Midwives also hold the responsibility of conducting births and providing care for the newborn after birth, and are given quite a large degree of autonomy. They are also equipped with the ability to detect complications, and to carry our emergency measure that can occur in childbirth.

They have specialised education and are licensed under the appropriate Nursing Act to practise midwifery in Australia.

Most midwives are also licensed registered nurses who have additional midwifery qualifications.

Midwives also have the responsibility of health counselling and education, not only for the woman, but also within the family and the community.

Nurse Practitioner

Nurse practitioners are registered nurses who have been authorised to function autonomously and collaboratively in an advanced and extended clinical role.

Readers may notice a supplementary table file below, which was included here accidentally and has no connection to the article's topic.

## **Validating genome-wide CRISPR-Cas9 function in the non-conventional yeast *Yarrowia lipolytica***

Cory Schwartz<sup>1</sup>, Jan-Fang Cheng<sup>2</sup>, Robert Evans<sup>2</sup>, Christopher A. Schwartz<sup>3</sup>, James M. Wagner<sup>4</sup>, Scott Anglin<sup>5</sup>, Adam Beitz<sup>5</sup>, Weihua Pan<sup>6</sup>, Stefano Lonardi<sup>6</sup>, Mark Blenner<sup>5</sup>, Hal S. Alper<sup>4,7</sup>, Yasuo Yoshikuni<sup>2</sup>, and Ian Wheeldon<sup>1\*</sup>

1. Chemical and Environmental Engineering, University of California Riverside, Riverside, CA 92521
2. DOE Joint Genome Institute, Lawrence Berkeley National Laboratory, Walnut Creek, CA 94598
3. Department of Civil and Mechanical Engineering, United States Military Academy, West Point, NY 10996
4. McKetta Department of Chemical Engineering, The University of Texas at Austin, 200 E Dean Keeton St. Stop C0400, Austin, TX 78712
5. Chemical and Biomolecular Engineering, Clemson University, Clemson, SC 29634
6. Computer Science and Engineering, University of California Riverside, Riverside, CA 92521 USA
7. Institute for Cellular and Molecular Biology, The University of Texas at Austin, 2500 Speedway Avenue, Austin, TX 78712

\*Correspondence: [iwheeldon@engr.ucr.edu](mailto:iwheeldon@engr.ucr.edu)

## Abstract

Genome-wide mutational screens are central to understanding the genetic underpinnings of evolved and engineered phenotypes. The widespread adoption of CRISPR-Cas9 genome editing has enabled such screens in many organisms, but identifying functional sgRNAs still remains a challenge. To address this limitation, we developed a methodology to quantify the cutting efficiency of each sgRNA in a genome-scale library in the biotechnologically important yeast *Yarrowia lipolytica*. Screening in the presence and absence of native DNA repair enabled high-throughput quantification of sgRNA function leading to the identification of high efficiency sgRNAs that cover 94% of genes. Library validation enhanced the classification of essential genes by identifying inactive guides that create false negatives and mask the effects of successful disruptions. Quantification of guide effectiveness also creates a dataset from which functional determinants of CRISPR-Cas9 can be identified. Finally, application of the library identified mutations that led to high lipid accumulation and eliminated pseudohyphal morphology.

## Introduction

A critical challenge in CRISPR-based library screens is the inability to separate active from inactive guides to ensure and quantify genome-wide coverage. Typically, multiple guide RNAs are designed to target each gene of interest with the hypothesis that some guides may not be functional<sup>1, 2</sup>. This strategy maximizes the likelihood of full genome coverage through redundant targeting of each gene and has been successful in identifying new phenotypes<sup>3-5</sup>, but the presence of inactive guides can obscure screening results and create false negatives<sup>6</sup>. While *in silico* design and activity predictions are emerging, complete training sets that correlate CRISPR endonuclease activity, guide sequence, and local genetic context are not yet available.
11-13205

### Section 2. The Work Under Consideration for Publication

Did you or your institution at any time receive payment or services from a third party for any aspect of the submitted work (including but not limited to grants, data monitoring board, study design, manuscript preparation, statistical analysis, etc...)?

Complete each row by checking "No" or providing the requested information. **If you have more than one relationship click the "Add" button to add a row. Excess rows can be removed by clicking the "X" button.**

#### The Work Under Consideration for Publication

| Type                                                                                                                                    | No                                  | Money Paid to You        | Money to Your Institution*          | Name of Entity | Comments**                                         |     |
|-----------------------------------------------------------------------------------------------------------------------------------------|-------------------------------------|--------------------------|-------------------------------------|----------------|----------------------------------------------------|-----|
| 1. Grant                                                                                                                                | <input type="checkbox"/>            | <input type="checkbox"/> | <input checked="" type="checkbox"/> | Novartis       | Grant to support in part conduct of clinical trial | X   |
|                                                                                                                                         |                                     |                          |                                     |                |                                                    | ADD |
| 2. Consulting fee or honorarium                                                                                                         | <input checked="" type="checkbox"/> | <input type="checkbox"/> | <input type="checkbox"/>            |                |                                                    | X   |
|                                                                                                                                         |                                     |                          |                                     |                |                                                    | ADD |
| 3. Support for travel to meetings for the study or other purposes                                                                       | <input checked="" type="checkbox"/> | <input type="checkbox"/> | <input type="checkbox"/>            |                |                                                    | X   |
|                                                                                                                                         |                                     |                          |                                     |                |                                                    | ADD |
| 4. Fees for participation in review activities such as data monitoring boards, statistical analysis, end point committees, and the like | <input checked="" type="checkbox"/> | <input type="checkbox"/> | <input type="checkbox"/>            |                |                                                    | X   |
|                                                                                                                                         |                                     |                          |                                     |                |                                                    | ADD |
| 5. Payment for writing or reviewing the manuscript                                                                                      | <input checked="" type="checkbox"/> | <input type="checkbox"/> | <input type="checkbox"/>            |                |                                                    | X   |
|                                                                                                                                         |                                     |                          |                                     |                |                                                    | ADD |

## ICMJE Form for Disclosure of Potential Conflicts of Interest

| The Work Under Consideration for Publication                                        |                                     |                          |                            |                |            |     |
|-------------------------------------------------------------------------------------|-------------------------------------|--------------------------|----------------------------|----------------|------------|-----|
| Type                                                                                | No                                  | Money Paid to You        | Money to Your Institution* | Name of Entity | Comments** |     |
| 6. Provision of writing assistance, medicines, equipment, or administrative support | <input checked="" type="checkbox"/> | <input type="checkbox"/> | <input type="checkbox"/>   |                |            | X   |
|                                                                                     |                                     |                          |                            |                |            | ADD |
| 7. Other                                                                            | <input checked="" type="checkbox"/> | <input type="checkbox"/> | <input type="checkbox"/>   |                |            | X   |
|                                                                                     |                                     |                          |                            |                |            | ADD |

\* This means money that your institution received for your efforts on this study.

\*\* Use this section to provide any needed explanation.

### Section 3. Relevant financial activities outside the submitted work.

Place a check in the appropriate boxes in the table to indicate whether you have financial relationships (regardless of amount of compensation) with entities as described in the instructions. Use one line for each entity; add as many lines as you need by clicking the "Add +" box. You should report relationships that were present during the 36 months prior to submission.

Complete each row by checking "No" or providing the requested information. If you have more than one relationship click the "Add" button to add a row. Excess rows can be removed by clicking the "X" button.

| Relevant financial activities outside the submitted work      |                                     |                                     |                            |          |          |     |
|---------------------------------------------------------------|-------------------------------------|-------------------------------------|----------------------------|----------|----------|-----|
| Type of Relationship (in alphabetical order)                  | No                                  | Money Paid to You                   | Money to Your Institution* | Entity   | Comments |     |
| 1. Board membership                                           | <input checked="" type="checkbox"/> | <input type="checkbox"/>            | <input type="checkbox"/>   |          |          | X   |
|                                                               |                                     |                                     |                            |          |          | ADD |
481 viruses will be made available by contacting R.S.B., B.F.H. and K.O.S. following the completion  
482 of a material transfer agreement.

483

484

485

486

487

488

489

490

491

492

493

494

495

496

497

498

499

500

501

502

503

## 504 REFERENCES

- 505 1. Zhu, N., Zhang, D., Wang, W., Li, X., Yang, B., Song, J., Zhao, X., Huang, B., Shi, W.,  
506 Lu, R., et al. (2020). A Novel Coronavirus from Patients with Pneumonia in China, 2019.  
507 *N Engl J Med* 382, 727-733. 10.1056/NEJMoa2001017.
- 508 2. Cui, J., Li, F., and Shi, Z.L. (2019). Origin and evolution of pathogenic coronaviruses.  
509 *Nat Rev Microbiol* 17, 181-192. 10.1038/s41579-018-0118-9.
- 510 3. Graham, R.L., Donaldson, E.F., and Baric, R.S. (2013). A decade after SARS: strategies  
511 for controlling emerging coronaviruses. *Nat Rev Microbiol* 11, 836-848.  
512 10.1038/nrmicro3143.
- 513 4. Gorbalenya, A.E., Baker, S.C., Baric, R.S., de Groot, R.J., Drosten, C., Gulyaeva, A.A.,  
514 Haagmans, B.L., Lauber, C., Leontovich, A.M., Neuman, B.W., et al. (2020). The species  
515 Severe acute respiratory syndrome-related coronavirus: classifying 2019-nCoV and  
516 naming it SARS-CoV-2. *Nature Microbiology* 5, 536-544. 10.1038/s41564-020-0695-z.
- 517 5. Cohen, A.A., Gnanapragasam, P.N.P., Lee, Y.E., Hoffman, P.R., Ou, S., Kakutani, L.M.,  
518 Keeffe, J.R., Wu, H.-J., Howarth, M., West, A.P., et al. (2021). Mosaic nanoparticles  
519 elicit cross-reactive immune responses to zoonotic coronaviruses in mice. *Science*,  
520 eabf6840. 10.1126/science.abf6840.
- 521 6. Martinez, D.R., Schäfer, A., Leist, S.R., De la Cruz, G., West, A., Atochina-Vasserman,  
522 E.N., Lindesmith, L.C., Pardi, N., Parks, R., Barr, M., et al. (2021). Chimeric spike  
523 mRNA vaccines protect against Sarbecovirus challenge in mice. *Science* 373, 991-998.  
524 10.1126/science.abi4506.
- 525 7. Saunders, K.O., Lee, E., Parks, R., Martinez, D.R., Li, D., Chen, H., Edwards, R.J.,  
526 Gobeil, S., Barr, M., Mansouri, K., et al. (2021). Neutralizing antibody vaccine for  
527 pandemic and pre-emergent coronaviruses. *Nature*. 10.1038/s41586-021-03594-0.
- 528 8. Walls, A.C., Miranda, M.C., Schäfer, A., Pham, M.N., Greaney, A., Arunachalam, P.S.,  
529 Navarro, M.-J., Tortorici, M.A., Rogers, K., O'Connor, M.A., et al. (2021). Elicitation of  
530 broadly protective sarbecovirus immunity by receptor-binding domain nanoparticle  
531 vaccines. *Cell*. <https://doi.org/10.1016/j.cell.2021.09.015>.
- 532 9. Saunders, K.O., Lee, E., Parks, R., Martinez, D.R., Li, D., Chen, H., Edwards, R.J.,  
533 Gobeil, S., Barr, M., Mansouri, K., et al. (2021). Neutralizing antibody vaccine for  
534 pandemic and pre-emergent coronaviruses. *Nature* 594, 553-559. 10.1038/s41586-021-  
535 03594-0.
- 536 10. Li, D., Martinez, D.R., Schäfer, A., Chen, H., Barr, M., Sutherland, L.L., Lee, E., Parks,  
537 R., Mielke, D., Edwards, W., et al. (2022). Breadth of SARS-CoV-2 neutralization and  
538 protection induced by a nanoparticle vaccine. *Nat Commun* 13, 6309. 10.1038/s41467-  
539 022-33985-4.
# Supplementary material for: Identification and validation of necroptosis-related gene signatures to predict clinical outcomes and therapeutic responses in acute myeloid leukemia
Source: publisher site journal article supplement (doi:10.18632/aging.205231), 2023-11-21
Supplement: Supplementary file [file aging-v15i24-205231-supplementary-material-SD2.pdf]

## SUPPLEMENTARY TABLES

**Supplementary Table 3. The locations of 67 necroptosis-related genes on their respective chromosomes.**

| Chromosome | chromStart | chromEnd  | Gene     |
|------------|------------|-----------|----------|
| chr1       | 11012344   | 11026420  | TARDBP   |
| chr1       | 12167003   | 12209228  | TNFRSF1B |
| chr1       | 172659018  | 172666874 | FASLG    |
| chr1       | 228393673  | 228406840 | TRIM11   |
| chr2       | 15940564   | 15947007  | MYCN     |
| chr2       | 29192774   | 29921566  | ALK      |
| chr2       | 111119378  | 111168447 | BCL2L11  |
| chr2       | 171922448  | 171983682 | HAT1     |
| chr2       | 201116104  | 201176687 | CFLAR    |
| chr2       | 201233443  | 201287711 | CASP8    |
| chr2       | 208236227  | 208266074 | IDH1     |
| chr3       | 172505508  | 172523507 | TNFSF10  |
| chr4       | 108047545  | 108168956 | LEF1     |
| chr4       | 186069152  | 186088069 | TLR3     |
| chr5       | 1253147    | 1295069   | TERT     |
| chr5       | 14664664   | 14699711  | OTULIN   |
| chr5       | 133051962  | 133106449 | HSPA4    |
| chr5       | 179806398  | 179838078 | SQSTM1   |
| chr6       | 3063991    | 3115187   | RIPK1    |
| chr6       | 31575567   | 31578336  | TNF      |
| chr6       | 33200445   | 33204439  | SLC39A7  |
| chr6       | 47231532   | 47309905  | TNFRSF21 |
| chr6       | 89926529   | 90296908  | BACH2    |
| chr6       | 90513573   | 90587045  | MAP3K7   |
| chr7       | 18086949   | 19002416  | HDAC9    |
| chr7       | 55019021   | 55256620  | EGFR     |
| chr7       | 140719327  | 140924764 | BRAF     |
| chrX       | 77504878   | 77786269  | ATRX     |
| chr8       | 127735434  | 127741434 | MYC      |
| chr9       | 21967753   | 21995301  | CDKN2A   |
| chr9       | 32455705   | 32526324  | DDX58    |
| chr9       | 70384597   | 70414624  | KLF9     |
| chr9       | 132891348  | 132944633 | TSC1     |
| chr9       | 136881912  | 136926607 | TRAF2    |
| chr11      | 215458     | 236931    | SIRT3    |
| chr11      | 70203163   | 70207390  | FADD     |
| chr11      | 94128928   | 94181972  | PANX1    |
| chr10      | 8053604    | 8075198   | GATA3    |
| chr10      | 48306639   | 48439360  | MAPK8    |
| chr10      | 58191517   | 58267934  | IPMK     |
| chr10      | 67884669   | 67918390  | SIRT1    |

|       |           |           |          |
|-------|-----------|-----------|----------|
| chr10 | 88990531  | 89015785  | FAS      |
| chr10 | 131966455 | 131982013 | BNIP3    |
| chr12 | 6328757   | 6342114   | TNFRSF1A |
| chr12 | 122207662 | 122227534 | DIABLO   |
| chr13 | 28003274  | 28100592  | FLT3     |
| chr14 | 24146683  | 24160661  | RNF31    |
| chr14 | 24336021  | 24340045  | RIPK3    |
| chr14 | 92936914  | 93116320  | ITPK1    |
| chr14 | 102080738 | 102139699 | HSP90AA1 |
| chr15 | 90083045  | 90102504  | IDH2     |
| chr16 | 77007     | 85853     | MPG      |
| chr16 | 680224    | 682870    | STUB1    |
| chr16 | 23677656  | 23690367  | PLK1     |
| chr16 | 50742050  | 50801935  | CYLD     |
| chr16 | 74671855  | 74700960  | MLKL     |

A nurse practitioner requires further education, typically 1.5-2 years of additional study, as well as other qualification, such as a current practising certificate, a minimum of 3 years post-registration experience in a specialty area, and a completed and signed ‘Clinical Support’ form as evidence that their employer is willing to facilitate the extended clinical practice components of the course within their workplace.

The nurse practitioner role is based on the nursing profession’s values, knowledge, theories and practise and provides innovative and flexible health care delivery that complements other health care providers.

Nurse practitioners also have the unique role of direct referral of patients to other healthcare professionals, prescribing medications, and ordering diagnostic investigations.

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  1. Midwives are not nurses and do not work under the Nurses Act. Update yourselves to contemporary midwifery and the midwives work they do. From AHPRA web site a submission that clearly defines the differences file:///C:/Users/babs40000/AppData/Local/Packages/Microsoft.MicrosoftEdge_8wekyb3d8bbwe/TempState/Downloads/NMBA—Submission—Code-of-conduct-for-nurses-and-Code-of-conduct-for-midwives—Australian-College-of-Midwives-ACT%20(1).PDF